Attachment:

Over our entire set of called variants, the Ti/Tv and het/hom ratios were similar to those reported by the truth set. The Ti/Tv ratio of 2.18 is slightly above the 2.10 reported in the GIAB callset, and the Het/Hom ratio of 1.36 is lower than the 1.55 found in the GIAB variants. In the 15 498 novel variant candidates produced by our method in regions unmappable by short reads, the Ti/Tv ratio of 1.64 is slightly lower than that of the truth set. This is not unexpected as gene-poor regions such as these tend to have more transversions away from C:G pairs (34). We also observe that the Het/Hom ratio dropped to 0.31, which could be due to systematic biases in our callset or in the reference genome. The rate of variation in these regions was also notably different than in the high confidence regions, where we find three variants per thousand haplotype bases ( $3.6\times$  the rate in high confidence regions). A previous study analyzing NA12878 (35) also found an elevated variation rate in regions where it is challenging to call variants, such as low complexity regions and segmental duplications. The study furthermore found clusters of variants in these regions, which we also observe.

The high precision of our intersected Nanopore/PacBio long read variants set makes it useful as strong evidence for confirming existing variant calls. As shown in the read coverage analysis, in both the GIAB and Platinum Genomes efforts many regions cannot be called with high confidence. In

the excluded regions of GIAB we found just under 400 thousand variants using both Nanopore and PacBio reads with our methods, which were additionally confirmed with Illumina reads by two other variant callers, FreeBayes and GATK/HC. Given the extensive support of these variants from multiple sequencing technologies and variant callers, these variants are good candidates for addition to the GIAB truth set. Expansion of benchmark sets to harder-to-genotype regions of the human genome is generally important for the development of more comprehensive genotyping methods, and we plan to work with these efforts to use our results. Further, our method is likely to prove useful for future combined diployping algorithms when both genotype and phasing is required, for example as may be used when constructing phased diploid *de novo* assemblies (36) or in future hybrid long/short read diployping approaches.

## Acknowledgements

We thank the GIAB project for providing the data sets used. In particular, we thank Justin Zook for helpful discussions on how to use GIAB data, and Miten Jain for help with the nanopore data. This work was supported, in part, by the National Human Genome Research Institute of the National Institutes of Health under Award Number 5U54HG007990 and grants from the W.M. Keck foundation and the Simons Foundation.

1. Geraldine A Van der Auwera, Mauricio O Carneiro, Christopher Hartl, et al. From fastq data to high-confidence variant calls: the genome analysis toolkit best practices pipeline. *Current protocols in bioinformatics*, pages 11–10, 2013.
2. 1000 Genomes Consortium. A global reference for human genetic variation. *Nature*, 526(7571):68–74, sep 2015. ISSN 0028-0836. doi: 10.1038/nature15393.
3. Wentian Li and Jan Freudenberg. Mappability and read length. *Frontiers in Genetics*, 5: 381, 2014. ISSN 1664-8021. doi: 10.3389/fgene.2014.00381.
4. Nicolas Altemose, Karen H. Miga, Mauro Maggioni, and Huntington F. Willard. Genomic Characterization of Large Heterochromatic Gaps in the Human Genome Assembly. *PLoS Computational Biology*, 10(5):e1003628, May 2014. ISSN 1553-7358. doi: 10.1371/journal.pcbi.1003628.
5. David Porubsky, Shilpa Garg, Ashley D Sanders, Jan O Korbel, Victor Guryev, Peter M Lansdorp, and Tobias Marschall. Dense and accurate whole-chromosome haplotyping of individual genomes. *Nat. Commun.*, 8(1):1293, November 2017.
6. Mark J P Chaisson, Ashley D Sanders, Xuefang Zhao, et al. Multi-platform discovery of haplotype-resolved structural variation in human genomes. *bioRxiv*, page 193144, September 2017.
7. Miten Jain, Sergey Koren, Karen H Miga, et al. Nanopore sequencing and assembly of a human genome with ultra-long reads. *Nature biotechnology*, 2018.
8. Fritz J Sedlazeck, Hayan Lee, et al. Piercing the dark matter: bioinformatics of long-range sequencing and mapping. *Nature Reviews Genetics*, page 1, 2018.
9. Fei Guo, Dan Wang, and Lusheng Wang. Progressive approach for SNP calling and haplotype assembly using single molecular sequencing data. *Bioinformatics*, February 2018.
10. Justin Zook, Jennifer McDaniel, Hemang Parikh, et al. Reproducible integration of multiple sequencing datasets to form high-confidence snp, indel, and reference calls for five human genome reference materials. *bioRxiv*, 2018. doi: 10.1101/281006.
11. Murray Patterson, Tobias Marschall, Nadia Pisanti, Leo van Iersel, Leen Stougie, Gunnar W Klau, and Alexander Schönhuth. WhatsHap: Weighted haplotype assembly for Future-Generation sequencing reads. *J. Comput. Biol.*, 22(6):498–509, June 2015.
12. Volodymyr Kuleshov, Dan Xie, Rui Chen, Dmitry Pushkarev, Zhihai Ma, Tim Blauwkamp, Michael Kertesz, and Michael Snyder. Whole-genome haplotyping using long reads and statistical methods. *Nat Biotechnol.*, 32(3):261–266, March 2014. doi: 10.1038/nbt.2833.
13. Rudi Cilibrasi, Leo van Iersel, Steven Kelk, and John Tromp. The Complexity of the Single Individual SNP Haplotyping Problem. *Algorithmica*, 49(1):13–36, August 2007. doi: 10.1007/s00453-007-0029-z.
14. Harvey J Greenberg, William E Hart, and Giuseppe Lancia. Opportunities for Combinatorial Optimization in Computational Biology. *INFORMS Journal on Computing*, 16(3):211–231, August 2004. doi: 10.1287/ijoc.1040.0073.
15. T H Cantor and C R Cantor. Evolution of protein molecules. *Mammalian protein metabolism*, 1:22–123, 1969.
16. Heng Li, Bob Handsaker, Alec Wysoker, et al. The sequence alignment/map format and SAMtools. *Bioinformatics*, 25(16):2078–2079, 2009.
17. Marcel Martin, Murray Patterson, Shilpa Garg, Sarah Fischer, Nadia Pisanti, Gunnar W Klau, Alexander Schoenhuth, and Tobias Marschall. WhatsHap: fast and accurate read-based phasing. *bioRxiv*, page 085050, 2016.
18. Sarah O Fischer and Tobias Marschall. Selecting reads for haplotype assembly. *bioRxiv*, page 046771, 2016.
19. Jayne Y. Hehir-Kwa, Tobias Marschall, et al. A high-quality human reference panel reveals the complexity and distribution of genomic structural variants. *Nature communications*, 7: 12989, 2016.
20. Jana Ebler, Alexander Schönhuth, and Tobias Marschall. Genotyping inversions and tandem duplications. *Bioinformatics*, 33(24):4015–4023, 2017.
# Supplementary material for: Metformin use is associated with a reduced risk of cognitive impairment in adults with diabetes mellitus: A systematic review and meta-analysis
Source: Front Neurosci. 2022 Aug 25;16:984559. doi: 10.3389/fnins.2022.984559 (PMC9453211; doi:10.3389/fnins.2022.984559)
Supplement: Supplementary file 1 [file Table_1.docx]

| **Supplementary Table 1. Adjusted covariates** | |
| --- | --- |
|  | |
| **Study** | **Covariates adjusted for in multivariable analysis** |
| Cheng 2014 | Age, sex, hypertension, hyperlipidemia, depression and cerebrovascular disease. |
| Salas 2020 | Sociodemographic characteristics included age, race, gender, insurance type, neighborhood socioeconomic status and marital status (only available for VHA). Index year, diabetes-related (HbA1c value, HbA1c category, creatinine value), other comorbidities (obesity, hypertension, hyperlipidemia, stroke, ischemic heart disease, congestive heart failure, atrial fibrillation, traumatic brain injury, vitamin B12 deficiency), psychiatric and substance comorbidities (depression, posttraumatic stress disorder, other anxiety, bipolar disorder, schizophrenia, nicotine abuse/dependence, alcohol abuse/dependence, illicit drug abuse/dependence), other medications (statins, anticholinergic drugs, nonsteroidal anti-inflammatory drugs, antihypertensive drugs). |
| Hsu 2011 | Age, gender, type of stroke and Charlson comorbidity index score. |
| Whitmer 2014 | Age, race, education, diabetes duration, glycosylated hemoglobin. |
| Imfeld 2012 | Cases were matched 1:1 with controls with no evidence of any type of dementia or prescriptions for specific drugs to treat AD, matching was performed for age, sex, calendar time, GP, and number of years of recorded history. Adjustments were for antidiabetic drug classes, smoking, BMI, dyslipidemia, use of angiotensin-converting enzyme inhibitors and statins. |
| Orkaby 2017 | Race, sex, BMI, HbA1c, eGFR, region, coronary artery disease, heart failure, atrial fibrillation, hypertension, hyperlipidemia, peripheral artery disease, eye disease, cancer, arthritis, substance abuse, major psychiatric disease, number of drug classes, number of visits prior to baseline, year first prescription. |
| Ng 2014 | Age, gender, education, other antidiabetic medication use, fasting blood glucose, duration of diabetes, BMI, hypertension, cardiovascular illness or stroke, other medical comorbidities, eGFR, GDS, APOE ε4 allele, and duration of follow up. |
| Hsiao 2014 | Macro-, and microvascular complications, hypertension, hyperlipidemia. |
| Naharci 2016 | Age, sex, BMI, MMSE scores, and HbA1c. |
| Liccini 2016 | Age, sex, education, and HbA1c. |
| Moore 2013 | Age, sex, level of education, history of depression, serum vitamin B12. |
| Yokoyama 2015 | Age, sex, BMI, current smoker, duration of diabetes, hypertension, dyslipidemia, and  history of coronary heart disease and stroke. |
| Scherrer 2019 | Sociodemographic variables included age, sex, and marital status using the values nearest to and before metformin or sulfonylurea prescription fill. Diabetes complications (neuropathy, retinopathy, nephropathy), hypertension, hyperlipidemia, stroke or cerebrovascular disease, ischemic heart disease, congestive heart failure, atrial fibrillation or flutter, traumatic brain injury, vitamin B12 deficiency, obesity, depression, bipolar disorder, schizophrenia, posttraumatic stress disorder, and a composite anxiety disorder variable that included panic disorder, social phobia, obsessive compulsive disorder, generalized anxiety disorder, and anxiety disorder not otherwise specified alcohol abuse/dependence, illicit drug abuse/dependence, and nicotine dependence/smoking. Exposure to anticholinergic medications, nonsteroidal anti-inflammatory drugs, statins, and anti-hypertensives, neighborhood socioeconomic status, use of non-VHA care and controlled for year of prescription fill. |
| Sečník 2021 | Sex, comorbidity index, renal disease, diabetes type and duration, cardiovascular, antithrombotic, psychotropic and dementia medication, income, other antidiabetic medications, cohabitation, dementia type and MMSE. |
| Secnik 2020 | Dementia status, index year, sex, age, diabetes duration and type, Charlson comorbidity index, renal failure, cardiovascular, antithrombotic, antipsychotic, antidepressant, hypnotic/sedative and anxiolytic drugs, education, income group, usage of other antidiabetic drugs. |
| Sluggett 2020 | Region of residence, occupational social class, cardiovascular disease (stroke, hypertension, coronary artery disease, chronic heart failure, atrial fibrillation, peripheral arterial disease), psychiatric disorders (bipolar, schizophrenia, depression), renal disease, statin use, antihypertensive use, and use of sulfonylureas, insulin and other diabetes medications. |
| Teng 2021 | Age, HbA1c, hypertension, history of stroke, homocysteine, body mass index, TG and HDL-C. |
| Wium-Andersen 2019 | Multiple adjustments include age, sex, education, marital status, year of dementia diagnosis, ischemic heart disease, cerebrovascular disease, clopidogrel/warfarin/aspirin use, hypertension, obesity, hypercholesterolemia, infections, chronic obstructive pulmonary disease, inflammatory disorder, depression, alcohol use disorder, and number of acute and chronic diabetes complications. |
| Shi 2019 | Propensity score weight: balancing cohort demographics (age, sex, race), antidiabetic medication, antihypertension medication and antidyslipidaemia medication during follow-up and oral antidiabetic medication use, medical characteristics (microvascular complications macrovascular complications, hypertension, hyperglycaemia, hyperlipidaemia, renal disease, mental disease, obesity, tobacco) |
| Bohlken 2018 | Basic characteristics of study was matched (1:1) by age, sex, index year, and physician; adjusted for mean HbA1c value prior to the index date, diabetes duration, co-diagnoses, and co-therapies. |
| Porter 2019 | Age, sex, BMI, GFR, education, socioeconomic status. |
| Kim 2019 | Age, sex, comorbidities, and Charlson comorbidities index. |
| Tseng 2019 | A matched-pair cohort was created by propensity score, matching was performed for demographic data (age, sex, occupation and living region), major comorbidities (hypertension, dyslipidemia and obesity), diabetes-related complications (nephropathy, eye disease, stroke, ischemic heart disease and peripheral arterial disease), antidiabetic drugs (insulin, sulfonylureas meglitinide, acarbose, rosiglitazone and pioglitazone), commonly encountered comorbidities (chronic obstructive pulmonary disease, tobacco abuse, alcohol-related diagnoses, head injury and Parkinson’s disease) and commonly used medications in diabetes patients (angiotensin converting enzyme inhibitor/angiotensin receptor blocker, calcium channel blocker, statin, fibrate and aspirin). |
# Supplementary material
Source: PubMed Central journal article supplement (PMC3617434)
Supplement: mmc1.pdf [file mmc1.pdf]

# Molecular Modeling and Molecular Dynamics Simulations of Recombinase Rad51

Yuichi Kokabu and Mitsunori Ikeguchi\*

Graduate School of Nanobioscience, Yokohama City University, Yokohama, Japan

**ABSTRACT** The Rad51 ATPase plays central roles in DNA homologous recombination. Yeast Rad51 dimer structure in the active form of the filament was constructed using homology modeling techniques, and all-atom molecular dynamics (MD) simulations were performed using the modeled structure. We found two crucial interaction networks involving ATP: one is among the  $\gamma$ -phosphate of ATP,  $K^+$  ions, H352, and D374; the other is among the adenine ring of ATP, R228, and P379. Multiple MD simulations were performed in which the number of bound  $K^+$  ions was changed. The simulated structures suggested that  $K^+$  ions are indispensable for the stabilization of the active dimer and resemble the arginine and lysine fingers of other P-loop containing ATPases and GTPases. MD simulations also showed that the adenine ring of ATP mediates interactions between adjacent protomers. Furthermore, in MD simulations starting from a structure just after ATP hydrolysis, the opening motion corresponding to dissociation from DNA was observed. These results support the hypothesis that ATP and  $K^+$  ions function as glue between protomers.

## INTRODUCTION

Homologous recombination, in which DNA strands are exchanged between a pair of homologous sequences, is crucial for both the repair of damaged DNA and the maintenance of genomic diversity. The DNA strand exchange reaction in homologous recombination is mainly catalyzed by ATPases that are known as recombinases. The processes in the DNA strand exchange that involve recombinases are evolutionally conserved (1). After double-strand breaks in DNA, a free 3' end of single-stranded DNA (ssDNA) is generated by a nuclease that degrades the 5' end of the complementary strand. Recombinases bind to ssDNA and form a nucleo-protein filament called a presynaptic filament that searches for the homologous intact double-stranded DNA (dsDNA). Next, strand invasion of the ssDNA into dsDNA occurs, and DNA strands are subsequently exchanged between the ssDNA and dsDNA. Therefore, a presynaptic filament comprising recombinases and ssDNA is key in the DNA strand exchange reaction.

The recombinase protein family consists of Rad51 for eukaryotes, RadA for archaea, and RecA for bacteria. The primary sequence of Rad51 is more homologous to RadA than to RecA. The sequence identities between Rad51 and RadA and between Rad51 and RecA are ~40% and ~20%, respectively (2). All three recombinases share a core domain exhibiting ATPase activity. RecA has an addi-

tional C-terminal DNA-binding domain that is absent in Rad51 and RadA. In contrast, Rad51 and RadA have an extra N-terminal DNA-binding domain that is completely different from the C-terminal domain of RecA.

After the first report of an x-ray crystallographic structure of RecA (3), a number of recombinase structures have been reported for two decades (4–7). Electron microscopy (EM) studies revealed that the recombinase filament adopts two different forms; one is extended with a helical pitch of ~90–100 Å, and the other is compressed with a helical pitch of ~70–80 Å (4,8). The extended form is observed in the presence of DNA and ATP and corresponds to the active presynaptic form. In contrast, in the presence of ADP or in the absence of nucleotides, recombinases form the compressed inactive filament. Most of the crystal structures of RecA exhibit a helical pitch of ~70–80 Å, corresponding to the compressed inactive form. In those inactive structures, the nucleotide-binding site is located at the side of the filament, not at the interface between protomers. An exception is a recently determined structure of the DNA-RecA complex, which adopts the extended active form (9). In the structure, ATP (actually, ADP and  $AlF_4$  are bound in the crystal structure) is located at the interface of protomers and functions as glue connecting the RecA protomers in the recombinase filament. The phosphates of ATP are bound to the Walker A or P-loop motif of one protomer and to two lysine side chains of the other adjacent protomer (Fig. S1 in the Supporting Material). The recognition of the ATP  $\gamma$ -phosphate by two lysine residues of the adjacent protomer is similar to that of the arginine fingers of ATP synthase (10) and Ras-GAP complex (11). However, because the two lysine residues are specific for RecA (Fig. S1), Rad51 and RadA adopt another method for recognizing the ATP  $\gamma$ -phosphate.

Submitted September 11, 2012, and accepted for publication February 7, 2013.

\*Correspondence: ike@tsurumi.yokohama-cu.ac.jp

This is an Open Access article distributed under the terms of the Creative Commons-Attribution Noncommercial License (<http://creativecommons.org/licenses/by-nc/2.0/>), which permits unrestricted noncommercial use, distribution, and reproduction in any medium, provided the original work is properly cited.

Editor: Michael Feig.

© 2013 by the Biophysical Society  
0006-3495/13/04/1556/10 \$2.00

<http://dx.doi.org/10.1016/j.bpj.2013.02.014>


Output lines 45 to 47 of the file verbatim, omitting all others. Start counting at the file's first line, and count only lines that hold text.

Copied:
| Scherrer 2019 | Sociodemographic variables included age, sex, and marital status using the values nearest to and before metformin or sulfonylurea prescription fill. Diabetes complications (neuropathy, retinopathy, nephropathy), hypertension, hyperlipidemia, stroke or cerebrovascular disease, ischemic heart disease, congestive heart failure, atrial fibrillation or flutter, traumatic brain injury, vitamin B12 deficiency, obesity, depression, bipolar disorder, schizophrenia, posttraumatic stress disorder, and a composite anxiety disorder variable that included panic disorder, social phobia, obsessive compulsive disorder, generalized anxiety disorder, and anxiety disorder not otherwise specified alcohol abuse/dependence, illicit drug abuse/dependence, and nicotine dependence/smoking. Exposure to anticholinergic medications, nonsteroidal anti-inflammatory drugs, statins, and anti-hypertensives, neighborhood socioeconomic status, use of non-VHA care and controlled for year of prescription fill. |
| Sečník 2021 | Sex, comorbidity index, renal disease, diabetes type and duration, cardiovascular, antithrombotic, psychotropic and dementia medication, income, other antidiabetic medications, cohabitation, dementia type and MMSE. |
| Secnik 2020 | Dementia status, index year, sex, age, diabetes duration and type, Charlson comorbidity index, renal failure, cardiovascular, antithrombotic, antipsychotic, antidepressant, hypnotic/sedative and anxiolytic drugs, education, income group, usage of other antidiabetic drugs. |